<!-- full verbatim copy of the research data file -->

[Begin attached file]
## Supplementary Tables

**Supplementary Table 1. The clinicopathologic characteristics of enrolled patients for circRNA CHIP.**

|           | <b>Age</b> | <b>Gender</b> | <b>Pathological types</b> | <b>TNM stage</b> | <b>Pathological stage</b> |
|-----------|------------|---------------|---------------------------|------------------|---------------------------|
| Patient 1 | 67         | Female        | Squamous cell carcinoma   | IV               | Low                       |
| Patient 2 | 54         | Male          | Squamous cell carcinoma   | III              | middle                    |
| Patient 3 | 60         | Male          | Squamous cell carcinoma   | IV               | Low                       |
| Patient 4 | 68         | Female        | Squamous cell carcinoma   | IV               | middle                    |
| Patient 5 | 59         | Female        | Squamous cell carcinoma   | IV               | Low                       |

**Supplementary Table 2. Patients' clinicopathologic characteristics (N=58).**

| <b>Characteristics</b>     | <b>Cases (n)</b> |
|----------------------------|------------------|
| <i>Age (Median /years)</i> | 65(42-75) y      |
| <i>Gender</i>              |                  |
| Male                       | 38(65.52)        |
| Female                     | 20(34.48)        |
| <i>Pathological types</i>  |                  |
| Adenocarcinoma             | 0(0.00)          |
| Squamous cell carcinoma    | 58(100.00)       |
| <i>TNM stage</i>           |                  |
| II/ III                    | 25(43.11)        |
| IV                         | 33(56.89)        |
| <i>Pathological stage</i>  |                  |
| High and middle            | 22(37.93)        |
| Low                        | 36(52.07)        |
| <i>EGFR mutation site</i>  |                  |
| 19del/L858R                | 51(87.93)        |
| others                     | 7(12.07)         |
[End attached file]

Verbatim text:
## Supplementary Tables

**Supplementary Table 1. The clinicopathologic characteristics of enrolled patients for circRNA CHIP.**

|           | <b>Age</b> | <b>Gender</b> | <b>Pathological types</b> | <b>TNM stage</b> | <b>Pathological stage</b> |
|-----------|------------|---------------|---------------------------|------------------|---------------------------|
| Patient 1 | 67         | Female        | Squamous cell carcinoma   | IV               | Low                       |
| Patient 2 | 54         | Male          | Squamous cell carcinoma   | III              | middle                    |
| Patient 3 | 60         | Male          | Squamous cell carcinoma   | IV               | Low                       |
| Patient 4 | 68         | Female        | Squamous cell carcinoma   | IV               | middle                    |
| Patient 5 | 59         | Female        | Squamous cell carcinoma   | IV               | Low                       |

**Supplementary Table 2. Patients' clinicopathologic characteristics (N=58).**

| <b>Characteristics</b>     | <b>Cases (n)</b> |
|----------------------------|------------------|
| <i>Age (Median /years)</i> | 65(42-75) y      |
| <i>Gender</i>              |                  |
| Male                       | 38(65.52)        |
| Female                     | 20(34.48)        |
| <i>Pathological types</i>  |                  |
| Adenocarcinoma             | 0(0.00)          |
| Squamous cell carcinoma    | 58(100.00)       |
| <i>TNM stage</i>           |                  |
| II/ III                    | 25(43.11)        |
| IV                         | 33(56.89)        |
| <i>Pathological stage</i>  |                  |
| High and middle            | 22(37.93)        |
| Low                        | 36(52.07)        |
| <i>EGFR mutation site</i>  |                  |
| 19del/L858R                | 51(87.93)        |
| others                     | 7(12.07)         |